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Institutional strength, intergovernmental relations, and national climate policy coordination: Australia and Canada compared

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Abstract

The nature of climate change is such that no one state can solve the problem by itself, nor is any one state likely to incur the costs of emission mitigation without some assurance of comparable action by others (Olson 1965; Hardin 1968). This same dynamic is replicated in federal states: How can one attain joint objectives and coordinated actions from autonomous yet interdependent jurisdictions in the face of considerable incentives to defect? As of 2013, Canada has been unable to reach agreement on national objectives, policy mechanisms, or the allocation of costs between sources and Canadian provinces and has relied instead on uncoordinated, unilateral actions by the federal government and provinces. By contrast, in 2011 Australian jurisdictions agreed upon a coordinated plan, including national strategies and objectives on renewable energy, energy efficiency, adaptation and mitigation. How do we explain Australian success in achieving coordination, in contrast to Canadian failure over the same time period? While differences in political culture, geography, political economy and political leadership no doubt play a part, we suggest that the institutions of intergovernmental relations (IGR) in each country have had a significant effect on efforts to coordinate. Our objective is to explore whether there are meaningful differences in the institutions of IGR that create permissive or constraining conditions in these two countries.

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... Australia ratified the Kyoto Protocol only because it was granted a very weak mitigation target that allowed it to de facto increase its emissions (see http://theconversation.com/australia-hit-its-kyoto-target-but-itwas-more-a-three-inch-putt-than-a-hole-in-one-44731 (accessed 18 January 2015)). For the positive effects of federalism in Canada, see Rabe (2007), and for Canada and Australia, see Gordon and Macdonald (2014). 4 For more details on the Austrian case, see Steurer and Clar (2015), for Switzerland see Casado-Asensio and Steurer (2016b introduced jointly negotiated, goal-oriented federalcantonal contracts (called "convention programmes") that usually foresee co-financing (Fischer et al., 2010). ...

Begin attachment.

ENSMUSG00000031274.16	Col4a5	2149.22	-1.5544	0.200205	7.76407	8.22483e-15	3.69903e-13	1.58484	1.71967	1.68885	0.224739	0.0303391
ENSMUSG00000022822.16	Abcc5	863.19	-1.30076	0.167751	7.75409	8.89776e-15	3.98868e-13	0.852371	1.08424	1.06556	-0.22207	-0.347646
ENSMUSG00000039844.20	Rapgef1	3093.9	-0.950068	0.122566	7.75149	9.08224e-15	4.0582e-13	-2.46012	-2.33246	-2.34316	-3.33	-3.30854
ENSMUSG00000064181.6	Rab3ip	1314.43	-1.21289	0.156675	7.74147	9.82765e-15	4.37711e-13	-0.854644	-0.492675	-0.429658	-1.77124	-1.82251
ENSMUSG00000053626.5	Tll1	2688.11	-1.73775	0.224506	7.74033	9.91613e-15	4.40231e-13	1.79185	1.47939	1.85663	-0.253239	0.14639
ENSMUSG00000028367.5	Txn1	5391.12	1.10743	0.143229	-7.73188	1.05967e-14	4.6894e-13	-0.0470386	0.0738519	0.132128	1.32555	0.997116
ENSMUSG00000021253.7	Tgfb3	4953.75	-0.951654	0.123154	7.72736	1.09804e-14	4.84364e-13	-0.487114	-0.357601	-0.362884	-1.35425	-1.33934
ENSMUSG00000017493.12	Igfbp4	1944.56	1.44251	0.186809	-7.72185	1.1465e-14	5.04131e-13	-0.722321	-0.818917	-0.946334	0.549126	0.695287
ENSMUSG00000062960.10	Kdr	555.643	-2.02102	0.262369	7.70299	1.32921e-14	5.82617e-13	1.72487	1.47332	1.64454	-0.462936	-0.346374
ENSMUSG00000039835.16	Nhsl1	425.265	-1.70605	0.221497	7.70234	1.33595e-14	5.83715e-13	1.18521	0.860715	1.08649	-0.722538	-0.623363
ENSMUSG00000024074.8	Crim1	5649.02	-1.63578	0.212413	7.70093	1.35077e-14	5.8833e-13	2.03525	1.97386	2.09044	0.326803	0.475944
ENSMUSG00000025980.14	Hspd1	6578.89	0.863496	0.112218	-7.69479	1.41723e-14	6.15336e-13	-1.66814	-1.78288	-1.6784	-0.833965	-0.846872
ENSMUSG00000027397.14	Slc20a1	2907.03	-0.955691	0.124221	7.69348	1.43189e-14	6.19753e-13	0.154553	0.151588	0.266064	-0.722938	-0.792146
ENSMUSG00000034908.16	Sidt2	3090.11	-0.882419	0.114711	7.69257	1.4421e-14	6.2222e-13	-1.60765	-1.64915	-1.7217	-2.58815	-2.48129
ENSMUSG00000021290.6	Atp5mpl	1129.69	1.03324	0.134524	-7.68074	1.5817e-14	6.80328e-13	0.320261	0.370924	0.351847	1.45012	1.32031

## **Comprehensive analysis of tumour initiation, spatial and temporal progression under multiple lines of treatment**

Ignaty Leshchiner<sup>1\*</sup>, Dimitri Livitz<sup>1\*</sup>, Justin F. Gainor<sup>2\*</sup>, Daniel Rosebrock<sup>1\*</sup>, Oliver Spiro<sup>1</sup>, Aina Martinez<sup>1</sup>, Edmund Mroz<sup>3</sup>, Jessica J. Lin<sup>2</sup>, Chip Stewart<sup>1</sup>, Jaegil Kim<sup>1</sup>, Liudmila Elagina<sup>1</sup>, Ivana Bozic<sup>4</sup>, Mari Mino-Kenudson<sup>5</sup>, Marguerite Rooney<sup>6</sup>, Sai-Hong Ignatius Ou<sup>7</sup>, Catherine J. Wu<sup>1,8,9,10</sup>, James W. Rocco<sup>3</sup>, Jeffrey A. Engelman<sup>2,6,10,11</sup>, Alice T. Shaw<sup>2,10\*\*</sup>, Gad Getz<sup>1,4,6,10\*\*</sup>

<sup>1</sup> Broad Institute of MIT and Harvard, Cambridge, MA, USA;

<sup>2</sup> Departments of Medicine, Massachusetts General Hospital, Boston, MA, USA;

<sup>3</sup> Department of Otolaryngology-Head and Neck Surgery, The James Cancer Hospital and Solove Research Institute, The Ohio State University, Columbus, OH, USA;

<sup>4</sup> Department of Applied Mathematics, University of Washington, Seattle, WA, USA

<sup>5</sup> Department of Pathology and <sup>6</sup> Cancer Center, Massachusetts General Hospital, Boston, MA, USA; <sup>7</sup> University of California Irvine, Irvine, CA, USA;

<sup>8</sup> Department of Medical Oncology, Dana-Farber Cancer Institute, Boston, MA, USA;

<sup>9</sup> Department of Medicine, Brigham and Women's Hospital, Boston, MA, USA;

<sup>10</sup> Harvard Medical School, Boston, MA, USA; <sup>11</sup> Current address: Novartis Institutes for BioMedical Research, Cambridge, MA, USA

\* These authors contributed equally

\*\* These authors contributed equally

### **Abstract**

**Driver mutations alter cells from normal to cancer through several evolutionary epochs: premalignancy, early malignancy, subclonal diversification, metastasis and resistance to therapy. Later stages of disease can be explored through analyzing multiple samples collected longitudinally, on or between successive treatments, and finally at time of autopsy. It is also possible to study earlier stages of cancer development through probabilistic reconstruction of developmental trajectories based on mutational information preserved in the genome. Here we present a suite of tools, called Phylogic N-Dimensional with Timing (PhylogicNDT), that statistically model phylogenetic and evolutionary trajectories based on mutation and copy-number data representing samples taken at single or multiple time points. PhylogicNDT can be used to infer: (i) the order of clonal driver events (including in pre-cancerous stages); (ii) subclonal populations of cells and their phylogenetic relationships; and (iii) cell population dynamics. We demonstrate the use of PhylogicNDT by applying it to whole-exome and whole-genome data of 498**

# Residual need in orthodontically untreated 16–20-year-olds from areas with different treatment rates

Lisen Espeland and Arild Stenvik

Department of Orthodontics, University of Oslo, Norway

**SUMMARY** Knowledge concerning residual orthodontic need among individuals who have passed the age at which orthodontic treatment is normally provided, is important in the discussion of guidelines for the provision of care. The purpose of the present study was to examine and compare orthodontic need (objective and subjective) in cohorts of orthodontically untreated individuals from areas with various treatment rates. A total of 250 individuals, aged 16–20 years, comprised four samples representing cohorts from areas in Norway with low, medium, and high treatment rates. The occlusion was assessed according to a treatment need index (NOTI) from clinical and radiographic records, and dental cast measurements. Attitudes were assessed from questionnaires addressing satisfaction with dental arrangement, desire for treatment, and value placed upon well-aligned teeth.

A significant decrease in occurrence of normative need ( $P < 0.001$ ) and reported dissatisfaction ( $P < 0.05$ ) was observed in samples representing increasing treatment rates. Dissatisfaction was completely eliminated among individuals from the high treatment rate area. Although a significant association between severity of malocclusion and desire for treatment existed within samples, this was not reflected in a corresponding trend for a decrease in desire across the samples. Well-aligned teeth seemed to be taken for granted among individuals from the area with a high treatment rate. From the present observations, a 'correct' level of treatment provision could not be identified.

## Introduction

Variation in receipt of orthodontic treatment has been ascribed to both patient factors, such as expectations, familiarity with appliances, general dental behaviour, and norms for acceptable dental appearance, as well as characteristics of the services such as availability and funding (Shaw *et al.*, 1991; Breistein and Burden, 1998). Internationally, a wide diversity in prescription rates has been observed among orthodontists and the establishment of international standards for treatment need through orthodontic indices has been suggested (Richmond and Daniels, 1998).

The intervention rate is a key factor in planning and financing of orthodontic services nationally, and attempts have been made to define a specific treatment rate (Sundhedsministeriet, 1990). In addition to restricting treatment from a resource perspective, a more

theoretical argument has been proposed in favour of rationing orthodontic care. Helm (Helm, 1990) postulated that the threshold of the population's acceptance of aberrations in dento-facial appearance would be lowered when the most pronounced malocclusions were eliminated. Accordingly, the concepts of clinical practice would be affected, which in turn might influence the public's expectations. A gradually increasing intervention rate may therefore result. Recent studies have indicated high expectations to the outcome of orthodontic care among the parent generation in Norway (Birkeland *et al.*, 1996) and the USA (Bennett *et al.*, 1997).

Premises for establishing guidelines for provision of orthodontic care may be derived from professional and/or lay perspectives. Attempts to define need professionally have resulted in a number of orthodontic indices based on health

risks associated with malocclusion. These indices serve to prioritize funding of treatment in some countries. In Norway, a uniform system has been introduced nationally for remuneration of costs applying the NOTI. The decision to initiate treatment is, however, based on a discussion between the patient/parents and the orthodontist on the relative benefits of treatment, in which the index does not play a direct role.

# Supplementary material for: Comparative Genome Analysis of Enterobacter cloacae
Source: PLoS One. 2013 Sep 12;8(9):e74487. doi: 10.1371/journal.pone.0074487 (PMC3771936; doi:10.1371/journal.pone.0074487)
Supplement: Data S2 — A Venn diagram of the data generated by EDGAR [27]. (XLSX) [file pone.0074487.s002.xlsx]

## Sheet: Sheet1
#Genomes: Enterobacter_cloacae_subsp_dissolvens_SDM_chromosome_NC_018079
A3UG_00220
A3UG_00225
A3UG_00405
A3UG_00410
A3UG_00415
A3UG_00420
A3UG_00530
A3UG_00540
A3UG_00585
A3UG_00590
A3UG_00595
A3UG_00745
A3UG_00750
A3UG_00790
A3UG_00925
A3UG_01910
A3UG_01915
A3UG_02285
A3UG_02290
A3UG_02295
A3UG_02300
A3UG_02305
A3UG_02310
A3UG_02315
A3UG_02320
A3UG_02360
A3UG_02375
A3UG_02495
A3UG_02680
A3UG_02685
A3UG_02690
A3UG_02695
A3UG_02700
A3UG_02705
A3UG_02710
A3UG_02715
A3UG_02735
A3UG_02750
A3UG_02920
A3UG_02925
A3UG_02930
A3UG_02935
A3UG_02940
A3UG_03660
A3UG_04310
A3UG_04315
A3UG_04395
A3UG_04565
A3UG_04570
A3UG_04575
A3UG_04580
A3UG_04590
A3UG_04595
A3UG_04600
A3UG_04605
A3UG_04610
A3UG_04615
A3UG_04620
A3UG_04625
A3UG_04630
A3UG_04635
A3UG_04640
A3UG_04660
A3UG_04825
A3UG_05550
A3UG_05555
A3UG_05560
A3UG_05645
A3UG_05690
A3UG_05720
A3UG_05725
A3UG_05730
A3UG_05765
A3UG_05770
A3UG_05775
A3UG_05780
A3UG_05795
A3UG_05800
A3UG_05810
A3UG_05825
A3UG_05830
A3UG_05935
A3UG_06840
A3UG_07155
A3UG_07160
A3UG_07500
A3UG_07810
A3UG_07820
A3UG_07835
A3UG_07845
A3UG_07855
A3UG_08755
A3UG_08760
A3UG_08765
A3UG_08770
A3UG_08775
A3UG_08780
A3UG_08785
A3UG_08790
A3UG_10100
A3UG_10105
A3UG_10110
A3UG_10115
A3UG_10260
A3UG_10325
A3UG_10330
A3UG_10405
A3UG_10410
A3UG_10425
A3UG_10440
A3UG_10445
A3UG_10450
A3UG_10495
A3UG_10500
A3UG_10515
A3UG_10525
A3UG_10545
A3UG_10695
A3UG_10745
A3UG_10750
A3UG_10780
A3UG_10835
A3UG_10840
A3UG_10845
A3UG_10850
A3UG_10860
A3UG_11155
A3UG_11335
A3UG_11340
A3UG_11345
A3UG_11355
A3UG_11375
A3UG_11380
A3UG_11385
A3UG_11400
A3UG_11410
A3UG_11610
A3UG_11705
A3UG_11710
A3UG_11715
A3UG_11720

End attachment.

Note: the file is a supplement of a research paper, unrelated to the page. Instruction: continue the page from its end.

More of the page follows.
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The governance of natural resources used by many individuals in common is an issue of increasing concern to policy analysts. Both state control and privatization of resources have been advocated, but neither the state nor the market have been uniformly successful in solving common pool resource problems. After critiquing the foundations of policy analysis as applied to natural resources, Elinor Ostrom here provides a unique body of empirical data to explore conditions under which common pool resource problems have been satisfactorily or unsatisfactorily solved. Dr Ostrom uses institutional analysis to explore different ways - both successful and unsuccessful - of governing the commons. In contrast to the proposition of the 'tragedy of the commons' argument, common pool problems sometimes are solved by voluntary organizations rather than by a coercive state. Among the cases considered are communal tenure in meadows and forests, irrigation communities and other water rights, and fisheries.
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Australian Intergovernmental Relations and the National Emissions Trading Scheme
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